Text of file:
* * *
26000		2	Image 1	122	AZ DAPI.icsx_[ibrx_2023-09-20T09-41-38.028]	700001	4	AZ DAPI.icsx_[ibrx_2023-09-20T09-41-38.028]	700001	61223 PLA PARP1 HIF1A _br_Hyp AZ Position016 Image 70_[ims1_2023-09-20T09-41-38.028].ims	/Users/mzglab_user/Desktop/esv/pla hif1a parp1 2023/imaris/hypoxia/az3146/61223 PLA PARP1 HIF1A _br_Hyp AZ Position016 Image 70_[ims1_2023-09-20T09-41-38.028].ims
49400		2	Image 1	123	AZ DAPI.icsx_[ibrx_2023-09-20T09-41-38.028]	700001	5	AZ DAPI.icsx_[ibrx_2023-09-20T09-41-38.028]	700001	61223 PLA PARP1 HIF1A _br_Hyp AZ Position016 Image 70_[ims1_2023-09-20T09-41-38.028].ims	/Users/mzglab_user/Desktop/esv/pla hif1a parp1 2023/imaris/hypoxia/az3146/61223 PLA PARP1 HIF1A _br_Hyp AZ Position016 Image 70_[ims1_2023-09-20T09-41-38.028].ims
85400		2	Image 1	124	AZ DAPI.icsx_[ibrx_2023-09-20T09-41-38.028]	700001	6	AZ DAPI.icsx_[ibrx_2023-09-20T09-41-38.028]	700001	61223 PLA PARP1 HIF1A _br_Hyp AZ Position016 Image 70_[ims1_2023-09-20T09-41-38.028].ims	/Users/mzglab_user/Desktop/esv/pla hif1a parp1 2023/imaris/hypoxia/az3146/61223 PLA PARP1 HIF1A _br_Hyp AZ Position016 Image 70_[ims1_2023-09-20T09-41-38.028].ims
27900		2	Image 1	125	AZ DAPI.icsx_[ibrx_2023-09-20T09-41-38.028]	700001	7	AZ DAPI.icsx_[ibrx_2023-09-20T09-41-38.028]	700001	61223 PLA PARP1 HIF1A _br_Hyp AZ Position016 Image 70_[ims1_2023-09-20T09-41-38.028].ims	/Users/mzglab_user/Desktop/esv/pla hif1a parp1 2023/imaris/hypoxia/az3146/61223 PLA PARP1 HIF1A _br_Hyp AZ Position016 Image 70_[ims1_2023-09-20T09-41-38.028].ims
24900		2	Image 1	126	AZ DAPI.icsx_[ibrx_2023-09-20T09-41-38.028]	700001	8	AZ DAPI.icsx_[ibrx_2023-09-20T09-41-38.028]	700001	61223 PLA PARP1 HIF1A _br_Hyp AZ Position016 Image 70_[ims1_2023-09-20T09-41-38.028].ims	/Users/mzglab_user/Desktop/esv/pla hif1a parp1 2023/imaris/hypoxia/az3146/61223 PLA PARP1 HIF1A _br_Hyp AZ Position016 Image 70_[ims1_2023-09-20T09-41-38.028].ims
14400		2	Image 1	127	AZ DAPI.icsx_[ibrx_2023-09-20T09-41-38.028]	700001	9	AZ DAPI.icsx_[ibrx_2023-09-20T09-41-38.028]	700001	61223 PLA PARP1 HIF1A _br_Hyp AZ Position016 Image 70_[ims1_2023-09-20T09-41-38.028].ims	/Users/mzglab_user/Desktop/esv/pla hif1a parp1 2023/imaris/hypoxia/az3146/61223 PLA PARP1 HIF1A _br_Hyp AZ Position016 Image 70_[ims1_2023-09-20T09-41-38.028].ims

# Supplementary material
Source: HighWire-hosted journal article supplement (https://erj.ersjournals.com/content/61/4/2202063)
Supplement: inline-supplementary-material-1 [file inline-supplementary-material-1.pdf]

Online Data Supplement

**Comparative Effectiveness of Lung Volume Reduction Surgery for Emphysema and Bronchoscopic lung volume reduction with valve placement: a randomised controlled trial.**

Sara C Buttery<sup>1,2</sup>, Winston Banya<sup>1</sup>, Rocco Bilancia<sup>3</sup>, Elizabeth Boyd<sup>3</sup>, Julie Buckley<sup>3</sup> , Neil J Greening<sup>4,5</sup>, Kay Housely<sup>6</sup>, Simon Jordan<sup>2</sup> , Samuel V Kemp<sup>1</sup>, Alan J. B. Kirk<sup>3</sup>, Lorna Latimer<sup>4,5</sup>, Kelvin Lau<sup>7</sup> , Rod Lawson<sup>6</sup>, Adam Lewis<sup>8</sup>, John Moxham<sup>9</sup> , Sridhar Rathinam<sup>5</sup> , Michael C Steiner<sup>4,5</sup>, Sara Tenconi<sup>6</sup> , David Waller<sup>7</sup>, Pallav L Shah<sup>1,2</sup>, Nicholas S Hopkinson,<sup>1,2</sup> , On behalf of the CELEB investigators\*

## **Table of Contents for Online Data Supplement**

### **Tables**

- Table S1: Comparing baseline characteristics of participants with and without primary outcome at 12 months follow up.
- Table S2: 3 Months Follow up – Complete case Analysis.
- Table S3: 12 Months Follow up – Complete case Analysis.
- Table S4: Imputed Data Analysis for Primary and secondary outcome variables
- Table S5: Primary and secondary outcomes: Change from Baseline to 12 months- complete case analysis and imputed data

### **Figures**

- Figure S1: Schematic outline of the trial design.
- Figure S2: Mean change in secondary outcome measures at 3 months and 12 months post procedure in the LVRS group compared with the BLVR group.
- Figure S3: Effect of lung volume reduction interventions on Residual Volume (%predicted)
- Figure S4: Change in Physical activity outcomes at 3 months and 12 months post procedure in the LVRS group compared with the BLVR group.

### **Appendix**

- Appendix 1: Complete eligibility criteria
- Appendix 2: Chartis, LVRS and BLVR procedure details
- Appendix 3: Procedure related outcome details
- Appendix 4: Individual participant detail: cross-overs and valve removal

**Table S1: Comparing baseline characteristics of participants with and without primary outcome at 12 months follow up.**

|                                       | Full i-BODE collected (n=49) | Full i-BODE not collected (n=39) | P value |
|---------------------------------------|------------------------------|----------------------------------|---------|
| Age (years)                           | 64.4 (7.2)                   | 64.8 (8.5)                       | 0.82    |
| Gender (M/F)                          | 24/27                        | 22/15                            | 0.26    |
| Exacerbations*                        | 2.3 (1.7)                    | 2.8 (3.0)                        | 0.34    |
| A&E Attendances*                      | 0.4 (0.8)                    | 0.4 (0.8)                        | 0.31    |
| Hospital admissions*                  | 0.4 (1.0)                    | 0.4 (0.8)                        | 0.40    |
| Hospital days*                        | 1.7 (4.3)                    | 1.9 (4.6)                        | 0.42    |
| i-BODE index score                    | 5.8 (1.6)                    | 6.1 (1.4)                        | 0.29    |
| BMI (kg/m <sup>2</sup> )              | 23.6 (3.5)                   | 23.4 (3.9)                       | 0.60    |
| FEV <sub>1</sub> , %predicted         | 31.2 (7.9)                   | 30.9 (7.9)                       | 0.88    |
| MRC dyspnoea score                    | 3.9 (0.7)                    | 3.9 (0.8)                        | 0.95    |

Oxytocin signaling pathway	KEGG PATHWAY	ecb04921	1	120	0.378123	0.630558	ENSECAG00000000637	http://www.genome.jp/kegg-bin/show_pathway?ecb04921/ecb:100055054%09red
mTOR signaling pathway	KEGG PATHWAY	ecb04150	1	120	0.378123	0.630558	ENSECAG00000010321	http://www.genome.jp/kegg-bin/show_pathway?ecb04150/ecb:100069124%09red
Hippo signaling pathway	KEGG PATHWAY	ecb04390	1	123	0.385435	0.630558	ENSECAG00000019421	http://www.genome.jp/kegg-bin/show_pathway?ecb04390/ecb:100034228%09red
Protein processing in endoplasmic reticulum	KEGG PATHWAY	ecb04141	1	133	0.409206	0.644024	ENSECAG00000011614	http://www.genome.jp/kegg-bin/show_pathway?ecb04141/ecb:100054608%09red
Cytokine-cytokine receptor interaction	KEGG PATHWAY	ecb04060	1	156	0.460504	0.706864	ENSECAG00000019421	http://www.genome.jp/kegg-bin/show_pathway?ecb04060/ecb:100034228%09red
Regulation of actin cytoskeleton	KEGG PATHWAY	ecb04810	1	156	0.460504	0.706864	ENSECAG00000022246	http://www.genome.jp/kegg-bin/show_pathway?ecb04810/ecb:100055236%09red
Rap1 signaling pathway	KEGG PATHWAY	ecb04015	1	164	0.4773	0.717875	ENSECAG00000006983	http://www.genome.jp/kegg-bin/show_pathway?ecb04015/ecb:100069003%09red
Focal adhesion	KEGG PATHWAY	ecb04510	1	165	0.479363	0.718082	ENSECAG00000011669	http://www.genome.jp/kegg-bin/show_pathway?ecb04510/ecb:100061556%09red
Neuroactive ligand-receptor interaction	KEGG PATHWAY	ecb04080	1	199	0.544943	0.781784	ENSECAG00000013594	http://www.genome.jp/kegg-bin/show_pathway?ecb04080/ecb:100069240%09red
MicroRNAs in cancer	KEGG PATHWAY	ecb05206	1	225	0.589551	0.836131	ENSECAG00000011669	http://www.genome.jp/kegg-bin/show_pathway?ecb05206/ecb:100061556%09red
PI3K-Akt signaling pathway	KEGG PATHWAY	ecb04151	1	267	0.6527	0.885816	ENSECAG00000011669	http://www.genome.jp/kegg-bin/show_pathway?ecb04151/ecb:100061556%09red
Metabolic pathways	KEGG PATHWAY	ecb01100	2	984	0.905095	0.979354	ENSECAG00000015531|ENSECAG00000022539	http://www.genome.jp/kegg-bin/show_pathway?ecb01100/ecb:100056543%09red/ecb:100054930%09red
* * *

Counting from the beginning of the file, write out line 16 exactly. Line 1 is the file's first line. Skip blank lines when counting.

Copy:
- Table S2: 3 Months Follow up – Complete case Analysis.